SXU Communication Professor and Friends Start First-Ever Black-Owned Bread Company
Saint Xavier University (SXU) adjunct communication professor Charles Alexander, along with his two best friends, Mark Edmond and Jamel Lewis, have started the world's first and only Black-owned sliced bread company, The Black Bread Company.
The company, whose mission is to encourage creativity and ensure generational progression to sustain marginalized communities, was started last year. During a trip to the grocery store at the height of police brutality protests across the United States, Edmond wanted to buy Black-owned products but was unable to find any bread that was Black-owned, so he connected with Alexander and Lewis and the three jumped into action.
"It's one thing to see a problem and talk about it, but taking the responsibility and going against the grain to do something that has never been done before takes a lot of courage," said Edmond. "We want minorities and anyone who is marginalized in our communities to know that anything is possible. When people hear The Black Bread Company, it should resonate more than bread – it should resonate the endless possibilities future generations can look up to and be inspired by."
They wanted to create something that was authentic, healthy, flavorful and affordable. Their bread is unbleached and contains natural ingredients. The three tried over 1,000 types of bread and recipes until they landed on something special.
"It's fluffy bread, but also thick. We wanted it to pass the peanut butter and jelly test – strong and solid, and you can taste the honey and grains. We wanted it to be high-standard, premium, gourmet sliced-bread," said Alexander.
In addition to quality, The Black Bread Company finds it critical to be able to provide their bread to under-resourced areas with food deserts, hoping to pave the way for communities to make progress when it comes to health, nutrition and food availability.
"In neighborhoods like the one we grew up in, often times there is just a corner store or mini mart with limited options. Being available is important. Business owners start businesses to fill voids, and we want to be part of that change," said Lewis.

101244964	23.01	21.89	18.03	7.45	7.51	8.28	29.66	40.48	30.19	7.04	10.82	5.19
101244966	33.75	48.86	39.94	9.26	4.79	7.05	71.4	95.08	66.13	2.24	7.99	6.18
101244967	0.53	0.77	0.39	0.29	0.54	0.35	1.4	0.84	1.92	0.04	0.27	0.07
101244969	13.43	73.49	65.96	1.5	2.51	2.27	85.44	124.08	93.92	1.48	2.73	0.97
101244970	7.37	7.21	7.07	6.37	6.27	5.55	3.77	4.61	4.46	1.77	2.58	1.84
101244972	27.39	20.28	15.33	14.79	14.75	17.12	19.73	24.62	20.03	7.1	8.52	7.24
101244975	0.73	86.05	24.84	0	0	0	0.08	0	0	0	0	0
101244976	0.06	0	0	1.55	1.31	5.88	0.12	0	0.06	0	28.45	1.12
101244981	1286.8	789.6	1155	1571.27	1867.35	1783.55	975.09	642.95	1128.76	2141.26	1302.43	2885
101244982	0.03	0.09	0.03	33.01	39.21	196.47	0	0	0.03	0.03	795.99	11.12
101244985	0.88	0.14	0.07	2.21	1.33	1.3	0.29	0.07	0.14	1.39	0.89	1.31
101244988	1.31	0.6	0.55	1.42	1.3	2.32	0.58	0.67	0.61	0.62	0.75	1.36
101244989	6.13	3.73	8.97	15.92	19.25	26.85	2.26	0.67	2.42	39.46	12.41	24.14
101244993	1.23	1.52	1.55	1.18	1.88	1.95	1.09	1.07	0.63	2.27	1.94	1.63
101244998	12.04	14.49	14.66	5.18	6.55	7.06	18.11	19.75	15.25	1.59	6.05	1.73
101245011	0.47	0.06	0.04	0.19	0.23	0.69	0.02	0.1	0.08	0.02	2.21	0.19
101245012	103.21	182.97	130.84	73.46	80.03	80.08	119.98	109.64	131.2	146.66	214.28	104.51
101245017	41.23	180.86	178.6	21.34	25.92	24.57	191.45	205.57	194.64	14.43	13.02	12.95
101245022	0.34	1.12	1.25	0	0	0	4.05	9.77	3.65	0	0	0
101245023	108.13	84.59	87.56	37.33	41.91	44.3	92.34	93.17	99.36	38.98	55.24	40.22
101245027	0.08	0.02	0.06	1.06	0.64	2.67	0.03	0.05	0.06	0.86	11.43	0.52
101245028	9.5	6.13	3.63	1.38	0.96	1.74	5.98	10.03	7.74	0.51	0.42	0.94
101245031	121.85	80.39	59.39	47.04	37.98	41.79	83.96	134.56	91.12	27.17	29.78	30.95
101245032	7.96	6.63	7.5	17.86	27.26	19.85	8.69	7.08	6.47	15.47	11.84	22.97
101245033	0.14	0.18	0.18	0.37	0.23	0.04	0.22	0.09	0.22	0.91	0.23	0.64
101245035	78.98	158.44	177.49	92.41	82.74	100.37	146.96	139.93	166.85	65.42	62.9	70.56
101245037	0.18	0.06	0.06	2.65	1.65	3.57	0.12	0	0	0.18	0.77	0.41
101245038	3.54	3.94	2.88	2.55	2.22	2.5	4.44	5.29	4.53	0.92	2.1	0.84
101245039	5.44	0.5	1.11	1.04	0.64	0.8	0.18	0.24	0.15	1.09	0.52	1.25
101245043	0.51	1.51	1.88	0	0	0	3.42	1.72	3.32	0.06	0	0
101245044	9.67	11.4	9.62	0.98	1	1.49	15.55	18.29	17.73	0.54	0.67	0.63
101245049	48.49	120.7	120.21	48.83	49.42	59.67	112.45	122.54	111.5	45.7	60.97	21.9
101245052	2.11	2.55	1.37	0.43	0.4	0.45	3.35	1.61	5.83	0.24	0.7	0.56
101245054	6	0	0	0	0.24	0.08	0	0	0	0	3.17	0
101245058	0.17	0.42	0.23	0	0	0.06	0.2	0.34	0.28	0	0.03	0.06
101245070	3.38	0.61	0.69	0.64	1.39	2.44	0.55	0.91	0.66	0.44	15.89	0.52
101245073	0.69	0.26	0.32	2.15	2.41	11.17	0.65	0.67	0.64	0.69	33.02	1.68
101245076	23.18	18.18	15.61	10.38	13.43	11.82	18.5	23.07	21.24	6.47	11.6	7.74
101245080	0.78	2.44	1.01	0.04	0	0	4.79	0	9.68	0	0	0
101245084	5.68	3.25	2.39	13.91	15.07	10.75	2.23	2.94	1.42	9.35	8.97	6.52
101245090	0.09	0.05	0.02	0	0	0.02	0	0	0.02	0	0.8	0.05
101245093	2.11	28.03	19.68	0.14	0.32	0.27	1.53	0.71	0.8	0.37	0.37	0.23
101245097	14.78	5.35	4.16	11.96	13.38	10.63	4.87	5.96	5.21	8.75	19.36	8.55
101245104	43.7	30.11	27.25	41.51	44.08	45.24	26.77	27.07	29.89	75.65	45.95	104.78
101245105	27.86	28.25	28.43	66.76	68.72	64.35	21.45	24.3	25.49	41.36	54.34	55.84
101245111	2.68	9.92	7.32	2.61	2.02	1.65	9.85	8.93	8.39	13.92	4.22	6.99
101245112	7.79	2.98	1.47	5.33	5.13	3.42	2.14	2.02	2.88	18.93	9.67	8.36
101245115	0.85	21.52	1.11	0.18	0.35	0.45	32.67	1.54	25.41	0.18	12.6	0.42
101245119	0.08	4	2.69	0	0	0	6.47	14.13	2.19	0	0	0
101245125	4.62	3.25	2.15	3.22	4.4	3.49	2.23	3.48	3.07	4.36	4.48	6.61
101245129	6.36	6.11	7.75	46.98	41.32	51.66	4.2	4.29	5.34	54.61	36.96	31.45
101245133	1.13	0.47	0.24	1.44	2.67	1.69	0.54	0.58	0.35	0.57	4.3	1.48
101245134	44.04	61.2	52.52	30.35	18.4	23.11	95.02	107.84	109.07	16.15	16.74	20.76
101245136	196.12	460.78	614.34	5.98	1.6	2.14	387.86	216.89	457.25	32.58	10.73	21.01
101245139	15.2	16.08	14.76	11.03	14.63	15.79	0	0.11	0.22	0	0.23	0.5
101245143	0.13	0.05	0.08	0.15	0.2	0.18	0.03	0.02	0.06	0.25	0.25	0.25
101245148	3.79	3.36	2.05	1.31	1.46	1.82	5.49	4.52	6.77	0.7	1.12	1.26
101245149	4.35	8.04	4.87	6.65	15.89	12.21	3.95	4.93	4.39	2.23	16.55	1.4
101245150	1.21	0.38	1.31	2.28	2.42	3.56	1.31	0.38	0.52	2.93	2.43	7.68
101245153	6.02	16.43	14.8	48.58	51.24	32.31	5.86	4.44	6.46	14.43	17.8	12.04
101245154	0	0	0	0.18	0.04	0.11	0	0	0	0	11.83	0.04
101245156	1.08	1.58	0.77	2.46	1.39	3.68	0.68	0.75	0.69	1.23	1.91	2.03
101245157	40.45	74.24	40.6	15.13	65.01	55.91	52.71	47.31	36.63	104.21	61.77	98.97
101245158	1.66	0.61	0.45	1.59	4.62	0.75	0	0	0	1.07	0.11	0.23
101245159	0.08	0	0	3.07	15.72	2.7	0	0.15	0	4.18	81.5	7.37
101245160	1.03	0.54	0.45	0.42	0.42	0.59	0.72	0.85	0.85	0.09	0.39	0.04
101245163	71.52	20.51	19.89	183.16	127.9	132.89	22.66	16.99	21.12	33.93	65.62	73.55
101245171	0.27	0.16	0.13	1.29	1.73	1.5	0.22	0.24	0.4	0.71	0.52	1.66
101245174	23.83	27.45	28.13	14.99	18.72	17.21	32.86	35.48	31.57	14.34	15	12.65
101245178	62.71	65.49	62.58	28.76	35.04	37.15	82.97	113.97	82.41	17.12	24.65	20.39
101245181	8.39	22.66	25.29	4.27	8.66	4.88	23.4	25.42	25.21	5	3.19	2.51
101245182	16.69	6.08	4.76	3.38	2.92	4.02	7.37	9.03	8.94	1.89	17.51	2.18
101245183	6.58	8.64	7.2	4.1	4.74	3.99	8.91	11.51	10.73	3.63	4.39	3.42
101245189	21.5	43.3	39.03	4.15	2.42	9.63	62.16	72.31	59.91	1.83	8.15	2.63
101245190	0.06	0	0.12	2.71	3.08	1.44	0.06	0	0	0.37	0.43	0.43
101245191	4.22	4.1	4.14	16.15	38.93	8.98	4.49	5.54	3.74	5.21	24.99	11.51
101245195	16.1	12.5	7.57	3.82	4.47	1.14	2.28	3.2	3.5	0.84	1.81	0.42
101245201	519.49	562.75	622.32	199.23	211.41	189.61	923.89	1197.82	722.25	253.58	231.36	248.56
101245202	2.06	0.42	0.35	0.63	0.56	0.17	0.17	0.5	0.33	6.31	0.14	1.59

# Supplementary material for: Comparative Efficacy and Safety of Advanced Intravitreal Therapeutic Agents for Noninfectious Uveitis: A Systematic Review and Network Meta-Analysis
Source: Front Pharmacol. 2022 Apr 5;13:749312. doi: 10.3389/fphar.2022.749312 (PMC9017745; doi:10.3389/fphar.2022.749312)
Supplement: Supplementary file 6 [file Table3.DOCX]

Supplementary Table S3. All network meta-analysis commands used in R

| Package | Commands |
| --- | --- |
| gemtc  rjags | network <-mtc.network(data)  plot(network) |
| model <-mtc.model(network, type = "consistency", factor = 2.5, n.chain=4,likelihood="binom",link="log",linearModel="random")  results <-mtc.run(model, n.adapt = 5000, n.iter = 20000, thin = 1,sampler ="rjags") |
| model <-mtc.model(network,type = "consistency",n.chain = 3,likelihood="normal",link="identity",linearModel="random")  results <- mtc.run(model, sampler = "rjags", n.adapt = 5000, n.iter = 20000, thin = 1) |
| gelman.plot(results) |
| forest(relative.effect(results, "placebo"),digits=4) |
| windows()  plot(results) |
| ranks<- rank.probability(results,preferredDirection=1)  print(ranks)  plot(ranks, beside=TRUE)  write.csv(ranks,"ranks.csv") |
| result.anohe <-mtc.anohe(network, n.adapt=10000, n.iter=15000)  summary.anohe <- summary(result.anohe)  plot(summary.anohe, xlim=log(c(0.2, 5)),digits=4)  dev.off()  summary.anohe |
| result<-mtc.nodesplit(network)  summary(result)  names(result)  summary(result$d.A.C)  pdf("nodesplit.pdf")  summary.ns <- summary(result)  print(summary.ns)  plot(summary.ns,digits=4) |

Alexander, Edmond and Lewis first met at Chicago's Kenwood Academy High School, where the three immediately clicked. They are godparents to each other's children and share a great admiration for one another, appreciating each other's artistry, loyalty, creativity, drive and mindsets. All three say their friendship is the foundation of their company, and they each contributed their unique talents to their roles – Alexander serves as the communication director, Edmond as the sales director and Lewis as the marketing director.
Though the three are intensely focused on The Black Bread Company, they each follow other pursuits as well. Alexander, whose background is in higher education, has been teaching communication since 2010. He also founded Speak H.O.P.E., a not-for-profit organization that promotes empowerment of marginalized identities through public speaking at high schools, universities and community centers located within urban environments. Lewis is a singer and songwriter and also studied marketing at Columbia College and Edmond, an entrepreneur, is passionate about real estate and construction.
Alexander finds that The Black Bread Company's mission aligns directly with the mission of the Sisters of Mercy – to aid the under-resourced and marginalized, provide scholarship and respect, and live with integrity. Their goal is to provide support to those who need it, and with less than a year to their brand, they sent 500 loaves of bread to the Houston Food Bank during the February storm in Texas. They also look forward to creating jobs and helping others support their families. As important to the group as mission is also legacy.
"We hope to be a household name," said Lewis. "It is our intention to be the bread of the future for the neighborhoods and communities who aren't receiving the attention they deserve. Legacy represents progression, inclusiveness, love, unity, ownership and strength."
"We want to be competitive and profitable, but foremost, we are mission-based. The mission of supporting those in need is in everything we do. The Black Bread Company has cemented a legacy that goes far beyond our existence. That is what is so special about this company. We wake up every day to do something for someone else," added Alexander.
"We want to open the consciousness of the African American consumer. We need to get out of this coma of shopping and spending your money supporting corporate businesses while your neighborhoods, school systems and Black-owned businesses are failing. We can reach back into our history and understand the foundation of a thriving community, take the right steps," said Edmond. "Legacy is one of our gifts to the world. It is something that is going to be here well after we are gone and something people can always learn from."
Ultimately, The Black Bread Company hopes to release positive vibes into communities and create a world of progression. They want to support more people, be more widely available and become a household name. The Black Bread Company believes their path is limitless, though immediate plans are to release new products such as hamburger and hot dog buns and multigrain and brioche bread and hold some summer events in Chicago. The Black Bread Company products are available online nationwide and they also offer subscription to their Private Bread Club for monthly on-demand bread delivery.